At 2 Paragraphs there is a cool interview series in which international writers respond to a the following Tolstoy quote and follow-up question: “I know that my unity with all people cannot be destroyed by national boundaries.” Is a similar belief essential in your work? Or are cultural and national distinctions a critical component of your voice? Who do you write for?
Among the many great writers who provide an answer is Czech novelist, poet and playwright Jáchym Topol, who says, among other things: “The boundaries between people, the gaps that we run up against, are more interesting for writing than the ‘unity of humanity,’ and Count Tolstoy was well aware of it.” This, incidentally, seems to run counter with what Nigerian poet and novelist Ben Okri says, which is that “I believe in the fundamental unity of all people. It is not possible to write truly well without that fundamental belief.”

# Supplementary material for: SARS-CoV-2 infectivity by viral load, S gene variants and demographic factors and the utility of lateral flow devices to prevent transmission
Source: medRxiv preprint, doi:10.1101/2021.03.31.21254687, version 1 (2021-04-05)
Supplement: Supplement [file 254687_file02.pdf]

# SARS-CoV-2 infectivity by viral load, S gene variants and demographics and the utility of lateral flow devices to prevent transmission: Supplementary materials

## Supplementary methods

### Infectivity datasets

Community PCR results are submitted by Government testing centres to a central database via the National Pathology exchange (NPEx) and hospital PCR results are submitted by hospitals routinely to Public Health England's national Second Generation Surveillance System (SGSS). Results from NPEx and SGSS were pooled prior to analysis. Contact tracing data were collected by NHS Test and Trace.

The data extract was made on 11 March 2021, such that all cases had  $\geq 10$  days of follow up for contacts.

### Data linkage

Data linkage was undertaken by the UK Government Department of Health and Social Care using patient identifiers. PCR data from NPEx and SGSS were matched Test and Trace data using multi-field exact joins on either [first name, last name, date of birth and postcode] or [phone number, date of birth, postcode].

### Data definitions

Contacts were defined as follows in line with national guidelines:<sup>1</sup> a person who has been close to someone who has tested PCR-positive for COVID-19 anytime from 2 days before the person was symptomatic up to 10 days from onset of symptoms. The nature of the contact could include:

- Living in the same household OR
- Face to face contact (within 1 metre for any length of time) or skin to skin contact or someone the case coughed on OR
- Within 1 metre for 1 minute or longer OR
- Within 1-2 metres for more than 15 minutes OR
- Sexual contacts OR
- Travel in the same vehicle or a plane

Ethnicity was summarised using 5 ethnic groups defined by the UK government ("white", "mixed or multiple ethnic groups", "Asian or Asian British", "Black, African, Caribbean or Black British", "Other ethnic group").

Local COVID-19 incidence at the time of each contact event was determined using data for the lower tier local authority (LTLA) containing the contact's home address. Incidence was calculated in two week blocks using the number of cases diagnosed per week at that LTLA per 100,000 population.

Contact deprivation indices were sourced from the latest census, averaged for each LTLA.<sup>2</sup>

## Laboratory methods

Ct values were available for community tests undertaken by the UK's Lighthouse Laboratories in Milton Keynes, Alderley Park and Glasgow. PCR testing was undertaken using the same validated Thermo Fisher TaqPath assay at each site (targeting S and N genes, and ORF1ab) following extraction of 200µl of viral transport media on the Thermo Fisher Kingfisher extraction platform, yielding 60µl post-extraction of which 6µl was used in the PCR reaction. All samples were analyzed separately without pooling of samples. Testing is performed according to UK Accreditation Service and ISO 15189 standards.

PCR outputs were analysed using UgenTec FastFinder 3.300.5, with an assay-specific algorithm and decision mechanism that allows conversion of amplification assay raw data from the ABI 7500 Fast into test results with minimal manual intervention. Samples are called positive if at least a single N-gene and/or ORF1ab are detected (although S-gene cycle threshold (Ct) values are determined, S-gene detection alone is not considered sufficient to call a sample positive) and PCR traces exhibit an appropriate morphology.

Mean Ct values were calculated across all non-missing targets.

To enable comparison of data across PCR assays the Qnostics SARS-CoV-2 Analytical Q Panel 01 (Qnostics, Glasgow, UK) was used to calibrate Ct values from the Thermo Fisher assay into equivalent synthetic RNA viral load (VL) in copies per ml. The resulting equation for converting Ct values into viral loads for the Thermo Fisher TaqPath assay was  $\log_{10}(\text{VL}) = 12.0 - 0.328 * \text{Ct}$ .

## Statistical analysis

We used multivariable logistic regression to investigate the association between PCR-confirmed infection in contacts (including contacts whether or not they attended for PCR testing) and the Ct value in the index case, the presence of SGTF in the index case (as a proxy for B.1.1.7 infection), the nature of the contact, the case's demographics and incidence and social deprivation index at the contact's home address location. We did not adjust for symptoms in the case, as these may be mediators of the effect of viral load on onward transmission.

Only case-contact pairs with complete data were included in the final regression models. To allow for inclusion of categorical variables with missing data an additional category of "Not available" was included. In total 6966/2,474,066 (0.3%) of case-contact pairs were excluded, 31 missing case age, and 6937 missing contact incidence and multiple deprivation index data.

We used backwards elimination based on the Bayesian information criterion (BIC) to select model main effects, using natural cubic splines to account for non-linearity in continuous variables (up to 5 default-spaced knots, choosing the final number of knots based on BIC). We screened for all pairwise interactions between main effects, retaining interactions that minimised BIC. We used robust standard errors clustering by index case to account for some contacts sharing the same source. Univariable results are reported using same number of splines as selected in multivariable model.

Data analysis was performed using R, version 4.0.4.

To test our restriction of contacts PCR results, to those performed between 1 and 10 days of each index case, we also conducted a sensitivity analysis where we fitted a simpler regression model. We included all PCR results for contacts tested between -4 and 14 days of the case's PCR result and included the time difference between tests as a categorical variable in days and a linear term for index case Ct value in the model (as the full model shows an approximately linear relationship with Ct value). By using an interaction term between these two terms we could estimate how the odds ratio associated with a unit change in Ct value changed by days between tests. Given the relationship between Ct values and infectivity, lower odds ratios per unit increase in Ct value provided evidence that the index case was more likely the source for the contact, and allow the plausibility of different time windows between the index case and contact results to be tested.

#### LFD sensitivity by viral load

Kudos to South African writer Zoë Wicomb, who points out the vital role of translators in all this unity and literature making, translators being “those often-overlooked magicians whose business it is to beat down national boundaries and feed our imaginations with worlds of difference.”
And then there’s Hamid Ismailov, who jokingly refers to himself as “the first really Soviet writer”. Ismailov’s novel The Underground was just published by Restless Books and you can read the opening chapters in this week’s Saturday European Fiction in B O D Y.
Photo – Jáchym Topol